Our next stop was Aberdare National Park – a new one for me!  We had a bit of a challenge finding the campsite but finally we slid down an embankment into a clearing.  It was beautiful!  Surrounded by trees with a river running by, we had the forest to ourselves.  The next day we went for a drive around the forested Salient where we saw plenty of buffalo and bushbuck, before we headed to the moorland.  Aberdare is not a big park but it is divided fairly definitely into two sections – the salient and the moorland.  We thought that our chances of spotting animals would disappear on the moorland, but we were wrong.  We saw elephants and then the elusive bongo!  Bongos are incredibly shy and notoriously difficult to spot, so I held no hope of seeing one.  But we saw two!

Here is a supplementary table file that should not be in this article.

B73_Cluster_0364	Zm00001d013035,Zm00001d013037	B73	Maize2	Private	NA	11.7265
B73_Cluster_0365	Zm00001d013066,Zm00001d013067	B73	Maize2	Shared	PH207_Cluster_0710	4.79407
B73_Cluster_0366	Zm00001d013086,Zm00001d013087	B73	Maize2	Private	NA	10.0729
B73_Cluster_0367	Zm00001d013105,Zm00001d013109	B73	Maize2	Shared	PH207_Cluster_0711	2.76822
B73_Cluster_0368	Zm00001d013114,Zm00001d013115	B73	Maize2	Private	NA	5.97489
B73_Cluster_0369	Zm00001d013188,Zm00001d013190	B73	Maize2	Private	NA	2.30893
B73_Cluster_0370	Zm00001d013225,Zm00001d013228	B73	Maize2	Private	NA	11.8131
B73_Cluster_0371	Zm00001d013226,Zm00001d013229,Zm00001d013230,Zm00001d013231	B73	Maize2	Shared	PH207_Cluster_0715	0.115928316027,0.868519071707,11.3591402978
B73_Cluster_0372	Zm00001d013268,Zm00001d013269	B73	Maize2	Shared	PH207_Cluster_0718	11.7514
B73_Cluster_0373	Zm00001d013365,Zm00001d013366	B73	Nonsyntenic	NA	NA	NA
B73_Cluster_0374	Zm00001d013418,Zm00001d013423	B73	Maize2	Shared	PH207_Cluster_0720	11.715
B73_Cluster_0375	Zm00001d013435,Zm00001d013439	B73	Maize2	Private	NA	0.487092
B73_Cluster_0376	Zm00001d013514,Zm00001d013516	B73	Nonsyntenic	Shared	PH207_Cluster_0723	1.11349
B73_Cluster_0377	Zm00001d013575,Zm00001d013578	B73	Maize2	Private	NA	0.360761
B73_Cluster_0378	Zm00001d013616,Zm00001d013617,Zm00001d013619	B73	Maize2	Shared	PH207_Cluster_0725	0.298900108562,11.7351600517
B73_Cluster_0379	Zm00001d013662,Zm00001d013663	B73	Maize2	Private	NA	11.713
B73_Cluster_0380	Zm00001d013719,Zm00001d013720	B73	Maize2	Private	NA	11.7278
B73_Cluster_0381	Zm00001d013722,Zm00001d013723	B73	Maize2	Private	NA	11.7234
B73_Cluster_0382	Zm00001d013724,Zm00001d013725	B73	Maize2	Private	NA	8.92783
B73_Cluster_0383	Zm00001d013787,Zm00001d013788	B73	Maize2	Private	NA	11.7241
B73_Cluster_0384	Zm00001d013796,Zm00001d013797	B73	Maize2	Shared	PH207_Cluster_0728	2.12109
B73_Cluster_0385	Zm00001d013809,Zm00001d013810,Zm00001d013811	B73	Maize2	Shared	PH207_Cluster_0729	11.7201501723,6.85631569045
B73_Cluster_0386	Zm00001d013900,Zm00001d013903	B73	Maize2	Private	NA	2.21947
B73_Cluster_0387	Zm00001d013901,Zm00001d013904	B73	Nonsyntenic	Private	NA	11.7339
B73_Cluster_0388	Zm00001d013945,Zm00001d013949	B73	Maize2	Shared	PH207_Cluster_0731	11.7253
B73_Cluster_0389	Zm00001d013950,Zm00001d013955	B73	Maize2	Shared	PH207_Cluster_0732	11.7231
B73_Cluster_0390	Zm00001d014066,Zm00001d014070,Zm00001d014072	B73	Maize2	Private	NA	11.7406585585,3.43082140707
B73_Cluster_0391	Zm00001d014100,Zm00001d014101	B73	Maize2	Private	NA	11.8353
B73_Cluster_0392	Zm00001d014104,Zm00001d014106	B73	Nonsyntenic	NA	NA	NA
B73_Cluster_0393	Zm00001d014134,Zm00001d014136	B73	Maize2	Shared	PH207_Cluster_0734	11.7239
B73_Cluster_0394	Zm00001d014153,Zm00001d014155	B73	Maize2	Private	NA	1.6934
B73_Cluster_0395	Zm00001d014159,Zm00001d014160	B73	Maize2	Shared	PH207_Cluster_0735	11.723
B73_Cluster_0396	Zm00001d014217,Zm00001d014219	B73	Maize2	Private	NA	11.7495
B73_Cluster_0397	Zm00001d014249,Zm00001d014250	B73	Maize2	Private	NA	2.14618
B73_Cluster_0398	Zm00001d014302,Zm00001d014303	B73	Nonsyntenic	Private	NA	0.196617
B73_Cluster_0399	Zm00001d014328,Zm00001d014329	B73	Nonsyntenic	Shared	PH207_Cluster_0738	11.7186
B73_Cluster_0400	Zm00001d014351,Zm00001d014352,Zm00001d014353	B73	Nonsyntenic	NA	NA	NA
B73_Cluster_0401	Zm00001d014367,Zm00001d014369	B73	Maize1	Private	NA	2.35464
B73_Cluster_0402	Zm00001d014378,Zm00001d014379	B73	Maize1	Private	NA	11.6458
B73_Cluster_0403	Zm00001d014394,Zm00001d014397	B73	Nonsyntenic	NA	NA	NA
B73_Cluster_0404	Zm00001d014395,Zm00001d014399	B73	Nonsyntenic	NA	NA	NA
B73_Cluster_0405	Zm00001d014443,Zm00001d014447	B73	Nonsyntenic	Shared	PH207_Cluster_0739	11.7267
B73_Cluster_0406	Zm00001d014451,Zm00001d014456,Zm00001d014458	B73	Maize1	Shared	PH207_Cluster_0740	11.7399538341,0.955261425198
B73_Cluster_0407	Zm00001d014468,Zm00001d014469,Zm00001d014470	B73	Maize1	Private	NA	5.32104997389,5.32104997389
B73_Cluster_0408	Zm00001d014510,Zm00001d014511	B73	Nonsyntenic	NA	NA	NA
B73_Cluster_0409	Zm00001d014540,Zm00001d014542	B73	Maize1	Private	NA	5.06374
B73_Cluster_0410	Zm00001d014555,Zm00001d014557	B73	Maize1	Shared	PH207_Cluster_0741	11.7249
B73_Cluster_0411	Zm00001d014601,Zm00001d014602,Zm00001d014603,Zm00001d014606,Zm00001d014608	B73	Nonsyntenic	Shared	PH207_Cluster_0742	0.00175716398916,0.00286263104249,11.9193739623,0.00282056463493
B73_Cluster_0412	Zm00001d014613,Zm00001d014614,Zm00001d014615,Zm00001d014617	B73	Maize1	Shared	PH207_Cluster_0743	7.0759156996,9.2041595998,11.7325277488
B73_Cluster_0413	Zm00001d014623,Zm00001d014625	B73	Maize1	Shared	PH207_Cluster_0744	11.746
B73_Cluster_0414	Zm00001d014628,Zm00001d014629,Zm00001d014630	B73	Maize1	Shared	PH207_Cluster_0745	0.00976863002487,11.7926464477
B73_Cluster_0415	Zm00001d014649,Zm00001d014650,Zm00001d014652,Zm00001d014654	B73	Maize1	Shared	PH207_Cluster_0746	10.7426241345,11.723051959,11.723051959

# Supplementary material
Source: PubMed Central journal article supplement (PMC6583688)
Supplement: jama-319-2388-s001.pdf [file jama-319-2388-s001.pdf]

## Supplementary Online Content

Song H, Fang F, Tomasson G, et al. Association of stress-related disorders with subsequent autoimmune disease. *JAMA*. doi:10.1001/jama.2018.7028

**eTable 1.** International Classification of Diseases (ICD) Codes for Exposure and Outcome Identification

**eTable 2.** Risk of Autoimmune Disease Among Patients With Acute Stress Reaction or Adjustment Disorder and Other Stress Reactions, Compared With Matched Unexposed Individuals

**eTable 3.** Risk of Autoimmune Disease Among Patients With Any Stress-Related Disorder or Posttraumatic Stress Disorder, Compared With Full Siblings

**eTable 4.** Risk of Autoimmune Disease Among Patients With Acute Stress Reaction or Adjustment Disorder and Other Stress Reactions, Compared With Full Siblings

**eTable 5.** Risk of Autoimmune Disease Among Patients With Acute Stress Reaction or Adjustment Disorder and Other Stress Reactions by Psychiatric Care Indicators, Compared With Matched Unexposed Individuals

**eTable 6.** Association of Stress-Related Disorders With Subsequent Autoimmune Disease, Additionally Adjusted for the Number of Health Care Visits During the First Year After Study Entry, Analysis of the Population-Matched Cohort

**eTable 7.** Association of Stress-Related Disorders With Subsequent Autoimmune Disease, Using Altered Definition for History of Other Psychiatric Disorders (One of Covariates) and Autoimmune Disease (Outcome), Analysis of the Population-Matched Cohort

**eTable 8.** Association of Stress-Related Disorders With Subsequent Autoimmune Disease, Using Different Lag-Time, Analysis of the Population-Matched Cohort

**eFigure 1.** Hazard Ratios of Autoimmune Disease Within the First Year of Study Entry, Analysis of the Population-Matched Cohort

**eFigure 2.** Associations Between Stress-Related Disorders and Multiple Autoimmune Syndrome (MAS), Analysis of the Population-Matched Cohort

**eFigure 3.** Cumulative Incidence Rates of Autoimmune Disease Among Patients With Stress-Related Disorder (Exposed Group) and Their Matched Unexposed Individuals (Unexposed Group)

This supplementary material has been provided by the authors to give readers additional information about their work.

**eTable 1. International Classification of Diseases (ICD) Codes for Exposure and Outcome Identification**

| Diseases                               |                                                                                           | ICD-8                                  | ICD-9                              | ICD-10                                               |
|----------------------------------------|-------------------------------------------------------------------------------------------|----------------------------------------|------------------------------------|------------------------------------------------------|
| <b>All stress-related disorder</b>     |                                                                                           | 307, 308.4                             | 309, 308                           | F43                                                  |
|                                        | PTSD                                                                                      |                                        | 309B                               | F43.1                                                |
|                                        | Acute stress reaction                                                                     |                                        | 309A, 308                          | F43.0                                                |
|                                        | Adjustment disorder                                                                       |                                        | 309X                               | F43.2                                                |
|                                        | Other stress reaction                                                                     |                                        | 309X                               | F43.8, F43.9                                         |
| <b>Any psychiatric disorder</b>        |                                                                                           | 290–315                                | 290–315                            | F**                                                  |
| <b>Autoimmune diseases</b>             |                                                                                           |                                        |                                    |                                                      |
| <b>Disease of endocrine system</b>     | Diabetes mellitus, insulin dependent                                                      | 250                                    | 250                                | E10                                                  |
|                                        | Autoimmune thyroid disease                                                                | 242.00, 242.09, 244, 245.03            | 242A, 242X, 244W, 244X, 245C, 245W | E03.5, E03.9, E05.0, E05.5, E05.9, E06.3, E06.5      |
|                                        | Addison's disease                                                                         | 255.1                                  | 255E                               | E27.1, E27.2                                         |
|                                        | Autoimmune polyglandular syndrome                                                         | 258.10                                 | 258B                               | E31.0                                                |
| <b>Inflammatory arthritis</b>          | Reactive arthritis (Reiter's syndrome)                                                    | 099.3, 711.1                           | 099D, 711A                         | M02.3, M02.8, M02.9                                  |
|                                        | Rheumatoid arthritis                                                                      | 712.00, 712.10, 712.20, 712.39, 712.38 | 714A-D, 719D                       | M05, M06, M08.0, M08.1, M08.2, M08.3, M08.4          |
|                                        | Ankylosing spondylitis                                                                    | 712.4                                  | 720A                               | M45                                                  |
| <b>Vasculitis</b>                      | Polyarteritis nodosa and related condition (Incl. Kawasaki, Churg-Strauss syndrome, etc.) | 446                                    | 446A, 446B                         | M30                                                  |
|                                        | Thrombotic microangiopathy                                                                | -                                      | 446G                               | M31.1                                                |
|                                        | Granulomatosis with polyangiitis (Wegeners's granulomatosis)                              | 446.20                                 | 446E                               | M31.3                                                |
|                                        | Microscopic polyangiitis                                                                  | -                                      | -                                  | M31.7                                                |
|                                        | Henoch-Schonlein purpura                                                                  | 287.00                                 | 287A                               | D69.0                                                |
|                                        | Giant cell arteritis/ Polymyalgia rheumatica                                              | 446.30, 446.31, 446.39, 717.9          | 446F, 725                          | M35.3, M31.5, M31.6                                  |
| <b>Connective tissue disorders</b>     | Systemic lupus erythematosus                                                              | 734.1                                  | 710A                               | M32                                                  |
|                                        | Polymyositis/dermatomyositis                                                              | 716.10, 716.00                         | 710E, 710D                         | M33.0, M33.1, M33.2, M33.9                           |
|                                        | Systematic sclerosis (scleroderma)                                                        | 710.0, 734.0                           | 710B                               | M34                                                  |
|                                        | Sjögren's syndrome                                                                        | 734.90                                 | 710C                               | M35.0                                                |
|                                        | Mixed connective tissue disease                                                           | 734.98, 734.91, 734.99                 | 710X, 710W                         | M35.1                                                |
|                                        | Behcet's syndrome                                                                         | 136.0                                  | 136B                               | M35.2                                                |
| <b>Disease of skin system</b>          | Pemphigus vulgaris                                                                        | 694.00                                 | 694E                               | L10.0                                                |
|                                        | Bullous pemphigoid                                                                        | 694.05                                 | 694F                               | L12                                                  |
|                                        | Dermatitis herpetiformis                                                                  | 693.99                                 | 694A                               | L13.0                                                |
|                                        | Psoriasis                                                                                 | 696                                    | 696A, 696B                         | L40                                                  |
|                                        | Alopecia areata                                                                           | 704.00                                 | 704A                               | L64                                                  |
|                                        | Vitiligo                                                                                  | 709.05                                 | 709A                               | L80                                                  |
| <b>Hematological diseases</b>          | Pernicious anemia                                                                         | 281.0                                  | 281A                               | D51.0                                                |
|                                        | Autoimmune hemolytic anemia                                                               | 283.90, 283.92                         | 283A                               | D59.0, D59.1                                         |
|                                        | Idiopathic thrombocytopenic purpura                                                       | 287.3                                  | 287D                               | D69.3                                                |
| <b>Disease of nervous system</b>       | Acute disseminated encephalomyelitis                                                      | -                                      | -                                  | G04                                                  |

We visited Fishing Lodge, a self-catering guesthouse that sleeps 14 people (seven in each cottage).  It is in a great location from where you can fish in the river and walk a few kilometres to the waterfalls.  Aberdare has landscape one doesn’t normally associate with Africa: waterfalls, forest, and babbling brooks.  So it is quite an interesting addition to the typical safari itinerary if you are looking to experience Kenya in all her diversity.

If you are looking for some (or all) of the experiences described here, please get in touch.  We love planning interesting itineraries tailored to your interests and budget, and as you can see there is much more to Kenya than savannah plains.  Email tracey@ota-responsibletravel.com to start planning your safari today.